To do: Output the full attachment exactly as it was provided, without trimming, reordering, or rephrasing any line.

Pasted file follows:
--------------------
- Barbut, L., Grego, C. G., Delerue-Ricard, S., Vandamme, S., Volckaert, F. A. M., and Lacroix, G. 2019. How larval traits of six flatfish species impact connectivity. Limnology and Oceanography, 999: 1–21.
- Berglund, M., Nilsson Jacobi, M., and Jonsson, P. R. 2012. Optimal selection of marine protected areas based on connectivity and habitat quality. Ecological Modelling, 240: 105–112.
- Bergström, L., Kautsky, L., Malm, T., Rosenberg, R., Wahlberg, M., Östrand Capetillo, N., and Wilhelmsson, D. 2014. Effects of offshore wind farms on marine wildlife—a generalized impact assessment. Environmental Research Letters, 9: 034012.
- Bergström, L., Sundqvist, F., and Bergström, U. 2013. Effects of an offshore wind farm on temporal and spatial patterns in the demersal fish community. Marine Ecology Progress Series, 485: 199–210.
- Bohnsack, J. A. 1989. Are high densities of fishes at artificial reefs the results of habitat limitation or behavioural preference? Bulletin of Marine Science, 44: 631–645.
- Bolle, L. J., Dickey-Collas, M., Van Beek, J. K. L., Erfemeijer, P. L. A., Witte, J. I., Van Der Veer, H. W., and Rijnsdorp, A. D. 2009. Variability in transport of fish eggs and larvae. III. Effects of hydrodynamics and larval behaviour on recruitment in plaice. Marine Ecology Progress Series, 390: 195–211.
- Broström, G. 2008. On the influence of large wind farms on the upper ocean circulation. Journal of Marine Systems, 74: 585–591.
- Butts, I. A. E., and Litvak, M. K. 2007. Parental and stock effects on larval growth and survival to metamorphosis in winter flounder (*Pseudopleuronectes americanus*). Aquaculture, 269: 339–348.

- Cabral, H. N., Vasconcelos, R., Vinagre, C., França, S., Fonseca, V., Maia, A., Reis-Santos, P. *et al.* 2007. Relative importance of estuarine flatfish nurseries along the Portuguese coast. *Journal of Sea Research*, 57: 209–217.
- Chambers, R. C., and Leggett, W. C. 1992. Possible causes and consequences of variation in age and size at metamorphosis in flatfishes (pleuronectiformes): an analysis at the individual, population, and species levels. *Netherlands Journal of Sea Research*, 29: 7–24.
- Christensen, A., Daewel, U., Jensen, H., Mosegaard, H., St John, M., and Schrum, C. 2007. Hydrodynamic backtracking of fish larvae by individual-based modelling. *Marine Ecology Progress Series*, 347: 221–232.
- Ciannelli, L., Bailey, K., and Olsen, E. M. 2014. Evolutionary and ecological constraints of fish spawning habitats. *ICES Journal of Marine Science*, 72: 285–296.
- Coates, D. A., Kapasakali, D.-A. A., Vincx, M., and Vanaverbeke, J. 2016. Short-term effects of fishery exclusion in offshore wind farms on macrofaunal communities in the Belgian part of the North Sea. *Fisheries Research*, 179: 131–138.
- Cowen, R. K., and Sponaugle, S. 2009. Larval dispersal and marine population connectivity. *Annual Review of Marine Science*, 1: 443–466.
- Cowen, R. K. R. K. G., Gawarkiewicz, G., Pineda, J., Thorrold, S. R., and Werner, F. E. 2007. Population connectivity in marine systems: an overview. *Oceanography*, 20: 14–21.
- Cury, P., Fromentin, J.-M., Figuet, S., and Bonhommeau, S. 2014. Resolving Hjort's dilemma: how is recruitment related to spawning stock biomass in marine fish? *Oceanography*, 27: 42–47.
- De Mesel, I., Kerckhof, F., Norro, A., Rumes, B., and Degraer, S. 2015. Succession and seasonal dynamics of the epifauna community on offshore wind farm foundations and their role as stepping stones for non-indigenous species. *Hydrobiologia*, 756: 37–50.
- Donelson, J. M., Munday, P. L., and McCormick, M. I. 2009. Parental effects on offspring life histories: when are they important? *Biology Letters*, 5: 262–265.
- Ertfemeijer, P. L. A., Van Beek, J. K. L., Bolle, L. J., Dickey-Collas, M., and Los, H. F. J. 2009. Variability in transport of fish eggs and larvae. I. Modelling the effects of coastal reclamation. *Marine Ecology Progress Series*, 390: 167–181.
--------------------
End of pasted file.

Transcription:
- Barbut, L., Grego, C. G., Delerue-Ricard, S., Vandamme, S., Volckaert, F. A. M., and Lacroix, G. 2019. How larval traits of six flatfish species impact connectivity. Limnology and Oceanography, 999: 1–21.
- Berglund, M., Nilsson Jacobi, M., and Jonsson, P. R. 2012. Optimal selection of marine protected areas based on connectivity and habitat quality. Ecological Modelling, 240: 105–112.
- Bergström, L., Kautsky, L., Malm, T., Rosenberg, R., Wahlberg, M., Östrand Capetillo, N., and Wilhelmsson, D. 2014. Effects of offshore wind farms on marine wildlife—a generalized impact assessment. Environmental Research Letters, 9: 034012.
- Bergström, L., Sundqvist, F., and Bergström, U. 2013. Effects of an offshore wind farm on temporal and spatial patterns in the demersal fish community. Marine Ecology Progress Series, 485: 199–210.
- Bohnsack, J. A. 1989. Are high densities of fishes at artificial reefs the results of habitat limitation or behavioural preference? Bulletin of Marine Science, 44: 631–645.
- Bolle, L. J., Dickey-Collas, M., Van Beek, J. K. L., Erfemeijer, P. L. A., Witte, J. I., Van Der Veer, H. W., and Rijnsdorp, A. D. 2009. Variability in transport of fish eggs and larvae. III. Effects of hydrodynamics and larval behaviour on recruitment in plaice. Marine Ecology Progress Series, 390: 195–211.
- Broström, G. 2008. On the influence of large wind farms on the upper ocean circulation. Journal of Marine Systems, 74: 585–591.
- Butts, I. A. E., and Litvak, M. K. 2007. Parental and stock effects on larval growth and survival to metamorphosis in winter flounder (*Pseudopleuronectes americanus*). Aquaculture, 269: 339–348.

- Cabral, H. N., Vasconcelos, R., Vinagre, C., França, S., Fonseca, V., Maia, A., Reis-Santos, P. *et al.* 2007. Relative importance of estuarine flatfish nurseries along the Portuguese coast. *Journal of Sea Research*, 57: 209–217.
- Chambers, R. C., and Leggett, W. C. 1992. Possible causes and consequences of variation in age and size at metamorphosis in flatfishes (pleuronectiformes): an analysis at the individual, population, and species levels. *Netherlands Journal of Sea Research*, 29: 7–24.
- Christensen, A., Daewel, U., Jensen, H., Mosegaard, H., St John, M., and Schrum, C. 2007. Hydrodynamic backtracking of fish larvae by individual-based modelling. *Marine Ecology Progress Series*, 347: 221–232.
- Ciannelli, L., Bailey, K., and Olsen, E. M. 2014. Evolutionary and ecological constraints of fish spawning habitats. *ICES Journal of Marine Science*, 72: 285–296.
- Coates, D. A., Kapasakali, D.-A. A., Vincx, M., and Vanaverbeke, J. 2016. Short-term effects of fishery exclusion in offshore wind farms on macrofaunal communities in the Belgian part of the North Sea. *Fisheries Research*, 179: 131–138.
- Cowen, R. K., and Sponaugle, S. 2009. Larval dispersal and marine population connectivity. *Annual Review of Marine Science*, 1: 443–466.
- Cowen, R. K. R. K. G., Gawarkiewicz, G., Pineda, J., Thorrold, S. R., and Werner, F. E. 2007. Population connectivity in marine systems: an overview. *Oceanography*, 20: 14–21.
- Cury, P., Fromentin, J.-M., Figuet, S., and Bonhommeau, S. 2014. Resolving Hjort's dilemma: how is recruitment related to spawning stock biomass in marine fish? *Oceanography*, 27: 42–47.
- De Mesel, I., Kerckhof, F., Norro, A., Rumes, B., and Degraer, S. 2015. Succession and seasonal dynamics of the epifauna community on offshore wind farm foundations and their role as stepping stones for non-indigenous species. *Hydrobiologia*, 756: 37–50.
- Donelson, J. M., Munday, P. L., and McCormick, M. I. 2009. Parental effects on offspring life histories: when are they important? *Biology Letters*, 5: 262–265.
- Ertfemeijer, P. L. A., Van Beek, J. K. L., Bolle, L. J., Dickey-Collas, M., and Los, H. F. J. 2009. Variability in transport of fish eggs and larvae. I. Modelling the effects of coastal reclamation. *Marine Ecology Progress Series*, 390: 167–181.